Invest early to prevent young people ending up homeless
Mission Australia has called for governments to invest early to prevent young people ending up homeless in response to a new report released today.
The Cost of Youth Homelessness Report, which was partly funded by Mission Australia and included interviews with clients, compared those who were accessing homelessness services or who were identified as being at high risk of homelessness with disadvantaged young people identified through JSA services.
Catherine Yeomans, CEO Mission Australia said: “This report paints a stark picture of the cost to society of failing to support vulnerable young people who are homeless or at high risk of homelessness.
Importantly, the study shows that preventing young people from becoming homeless in the first place could save governments an estimated $626 million per year across the youth justice and health services systems alone.
“It is unacceptable in 21st century Australia, that there are more than 44,000 children and young people homeless on any given night. Last year we called on all governments to commit to halving youth homelessness by 2020.This report once again highlights the need for immediate action.
“As we near the Federal Election we urge the Government to consider the findings of this report to ensure they are investing early to prevent young people ending up homeless.
“We know from our experience that the long term prospects for young people who become homeless are not good – a disjointed education, lack of support network, risky drug and alcohol use and mental illness. It makes sense to intervene early to address the risk factors rather than waiting until a young person is already homeless.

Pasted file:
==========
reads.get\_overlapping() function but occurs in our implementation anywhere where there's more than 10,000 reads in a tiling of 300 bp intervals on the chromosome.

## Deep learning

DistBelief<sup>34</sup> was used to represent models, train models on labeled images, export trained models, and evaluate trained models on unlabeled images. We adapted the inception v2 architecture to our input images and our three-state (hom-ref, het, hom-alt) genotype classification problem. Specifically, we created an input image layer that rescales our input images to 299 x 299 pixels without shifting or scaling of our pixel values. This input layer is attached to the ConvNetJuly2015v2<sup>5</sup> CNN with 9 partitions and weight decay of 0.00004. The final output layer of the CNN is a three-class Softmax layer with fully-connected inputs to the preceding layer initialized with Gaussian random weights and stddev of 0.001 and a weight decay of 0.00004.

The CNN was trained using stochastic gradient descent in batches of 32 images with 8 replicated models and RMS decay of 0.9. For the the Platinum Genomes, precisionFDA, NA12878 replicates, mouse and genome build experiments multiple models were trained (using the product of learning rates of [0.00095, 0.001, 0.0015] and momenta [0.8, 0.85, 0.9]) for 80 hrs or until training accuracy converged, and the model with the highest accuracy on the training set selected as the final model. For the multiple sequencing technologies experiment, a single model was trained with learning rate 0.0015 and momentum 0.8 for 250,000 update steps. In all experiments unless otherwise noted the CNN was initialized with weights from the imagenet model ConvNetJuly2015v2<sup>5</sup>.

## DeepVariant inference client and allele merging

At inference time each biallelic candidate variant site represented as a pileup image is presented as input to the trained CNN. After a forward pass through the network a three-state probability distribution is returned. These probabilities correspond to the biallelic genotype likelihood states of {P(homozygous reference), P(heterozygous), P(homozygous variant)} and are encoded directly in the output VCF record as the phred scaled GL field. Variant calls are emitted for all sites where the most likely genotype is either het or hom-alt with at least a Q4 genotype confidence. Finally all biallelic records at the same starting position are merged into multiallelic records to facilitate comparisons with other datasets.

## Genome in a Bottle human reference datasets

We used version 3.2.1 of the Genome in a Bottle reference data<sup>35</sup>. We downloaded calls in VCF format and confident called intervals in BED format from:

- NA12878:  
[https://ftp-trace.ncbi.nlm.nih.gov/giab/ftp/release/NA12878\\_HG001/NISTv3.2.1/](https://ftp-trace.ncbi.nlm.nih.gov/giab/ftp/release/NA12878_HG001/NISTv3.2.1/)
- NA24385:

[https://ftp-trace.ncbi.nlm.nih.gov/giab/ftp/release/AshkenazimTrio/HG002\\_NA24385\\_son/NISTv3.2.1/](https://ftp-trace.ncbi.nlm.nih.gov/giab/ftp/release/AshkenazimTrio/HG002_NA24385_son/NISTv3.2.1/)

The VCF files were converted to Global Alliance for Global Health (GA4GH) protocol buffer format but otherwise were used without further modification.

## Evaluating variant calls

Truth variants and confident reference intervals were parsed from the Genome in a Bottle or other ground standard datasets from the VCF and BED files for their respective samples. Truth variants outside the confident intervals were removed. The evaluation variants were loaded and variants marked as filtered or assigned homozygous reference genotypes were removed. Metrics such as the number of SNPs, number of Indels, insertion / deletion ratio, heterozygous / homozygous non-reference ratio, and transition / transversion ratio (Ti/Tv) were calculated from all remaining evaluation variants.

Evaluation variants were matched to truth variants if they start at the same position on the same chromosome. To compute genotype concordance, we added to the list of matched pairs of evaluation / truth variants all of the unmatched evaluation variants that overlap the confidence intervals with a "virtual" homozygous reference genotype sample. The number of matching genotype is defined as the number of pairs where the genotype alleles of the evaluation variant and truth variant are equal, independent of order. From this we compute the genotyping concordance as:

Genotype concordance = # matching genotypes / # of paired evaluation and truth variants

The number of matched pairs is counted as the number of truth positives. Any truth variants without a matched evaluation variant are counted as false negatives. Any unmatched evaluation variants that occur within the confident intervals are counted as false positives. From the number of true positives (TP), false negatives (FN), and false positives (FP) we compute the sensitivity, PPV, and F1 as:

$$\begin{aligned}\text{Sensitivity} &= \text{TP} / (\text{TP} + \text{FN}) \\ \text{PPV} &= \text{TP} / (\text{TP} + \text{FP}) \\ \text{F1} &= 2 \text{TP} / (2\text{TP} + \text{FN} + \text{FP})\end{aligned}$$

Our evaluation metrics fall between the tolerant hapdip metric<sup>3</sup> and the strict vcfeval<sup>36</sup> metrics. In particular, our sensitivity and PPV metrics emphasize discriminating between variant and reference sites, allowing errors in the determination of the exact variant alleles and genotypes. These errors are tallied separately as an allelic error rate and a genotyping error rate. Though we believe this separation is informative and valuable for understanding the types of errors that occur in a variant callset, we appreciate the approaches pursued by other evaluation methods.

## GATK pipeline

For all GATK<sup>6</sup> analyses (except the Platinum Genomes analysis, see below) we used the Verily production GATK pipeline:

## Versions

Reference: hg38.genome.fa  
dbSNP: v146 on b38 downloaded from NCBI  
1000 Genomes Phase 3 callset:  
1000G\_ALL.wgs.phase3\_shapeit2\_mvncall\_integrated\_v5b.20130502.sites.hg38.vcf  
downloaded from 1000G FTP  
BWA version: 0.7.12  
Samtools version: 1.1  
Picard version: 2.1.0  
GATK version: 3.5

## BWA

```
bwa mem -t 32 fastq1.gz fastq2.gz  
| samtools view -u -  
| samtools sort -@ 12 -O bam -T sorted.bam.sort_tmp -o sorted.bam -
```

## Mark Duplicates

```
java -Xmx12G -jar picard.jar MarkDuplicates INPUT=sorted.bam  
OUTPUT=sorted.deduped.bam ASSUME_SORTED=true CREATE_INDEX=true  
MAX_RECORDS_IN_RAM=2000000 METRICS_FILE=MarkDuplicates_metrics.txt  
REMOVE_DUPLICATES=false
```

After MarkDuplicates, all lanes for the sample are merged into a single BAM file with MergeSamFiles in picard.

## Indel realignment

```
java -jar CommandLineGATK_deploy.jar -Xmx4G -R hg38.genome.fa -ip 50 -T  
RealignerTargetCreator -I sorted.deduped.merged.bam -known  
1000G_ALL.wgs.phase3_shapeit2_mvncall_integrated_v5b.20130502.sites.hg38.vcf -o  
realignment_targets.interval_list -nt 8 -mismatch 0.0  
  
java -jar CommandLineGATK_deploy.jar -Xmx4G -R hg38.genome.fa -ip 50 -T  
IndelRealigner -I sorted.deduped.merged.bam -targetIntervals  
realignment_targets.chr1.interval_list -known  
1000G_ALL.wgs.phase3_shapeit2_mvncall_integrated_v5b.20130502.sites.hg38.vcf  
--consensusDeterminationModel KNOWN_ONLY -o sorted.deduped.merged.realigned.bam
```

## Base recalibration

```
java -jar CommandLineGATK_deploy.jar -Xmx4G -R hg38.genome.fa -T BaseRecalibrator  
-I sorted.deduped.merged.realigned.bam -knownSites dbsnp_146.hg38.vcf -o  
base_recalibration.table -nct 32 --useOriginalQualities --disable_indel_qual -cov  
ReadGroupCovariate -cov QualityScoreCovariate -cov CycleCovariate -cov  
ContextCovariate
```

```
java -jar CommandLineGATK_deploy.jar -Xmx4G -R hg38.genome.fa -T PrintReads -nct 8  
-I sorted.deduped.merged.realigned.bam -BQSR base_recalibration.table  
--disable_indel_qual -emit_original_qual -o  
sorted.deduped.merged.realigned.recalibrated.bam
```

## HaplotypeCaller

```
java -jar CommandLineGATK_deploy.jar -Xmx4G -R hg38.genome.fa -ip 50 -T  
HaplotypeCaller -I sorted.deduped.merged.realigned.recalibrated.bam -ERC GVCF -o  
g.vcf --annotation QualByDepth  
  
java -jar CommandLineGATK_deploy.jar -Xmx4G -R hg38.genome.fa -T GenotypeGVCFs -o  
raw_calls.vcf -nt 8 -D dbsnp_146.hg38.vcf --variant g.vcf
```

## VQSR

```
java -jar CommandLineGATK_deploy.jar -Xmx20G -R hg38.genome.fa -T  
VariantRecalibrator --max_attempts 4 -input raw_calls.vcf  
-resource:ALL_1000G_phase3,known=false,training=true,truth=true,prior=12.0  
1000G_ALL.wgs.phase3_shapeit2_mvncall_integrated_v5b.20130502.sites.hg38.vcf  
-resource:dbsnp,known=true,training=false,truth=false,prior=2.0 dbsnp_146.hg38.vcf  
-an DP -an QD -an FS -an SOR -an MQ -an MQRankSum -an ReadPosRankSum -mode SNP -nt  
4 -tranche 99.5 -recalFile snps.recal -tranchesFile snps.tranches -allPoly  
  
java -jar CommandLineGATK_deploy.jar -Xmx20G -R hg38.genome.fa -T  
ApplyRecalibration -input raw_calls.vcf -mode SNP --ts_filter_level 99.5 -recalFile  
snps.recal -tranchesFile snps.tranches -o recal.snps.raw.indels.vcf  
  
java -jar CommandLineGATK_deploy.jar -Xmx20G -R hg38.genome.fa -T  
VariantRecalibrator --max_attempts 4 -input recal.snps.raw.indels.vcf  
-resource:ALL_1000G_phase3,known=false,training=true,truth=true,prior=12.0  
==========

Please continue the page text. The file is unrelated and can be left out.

We believe early intervention models should be expanded, especially family engagement services like Reconnect which work with young people and their families by providing counselling, mediation and practical support. The funding runs out for this program in June 2017 and we have no clear idea of its future beyond that date.
There are also successful school-based identification and intervention programs for youth homelessness such as the Geelong and Ryde Projects that should be rolled out to all high risk communities as a priority.
Considering that this research previously found that nearly two thirds of young homeless people who were surveyed had been in out of home care by the time they turned 18, governments need to take a ‘zero tolerance’ approach to young people leaving the out-of-home care system becoming homeless.
“These early intervention efforts can reduce the need for specialist services further down the line, as well as health and justice costs and greatly improve the wellbeing of vulnerable young people by preventing homelessness before it occurs,” Ms Yeomans added.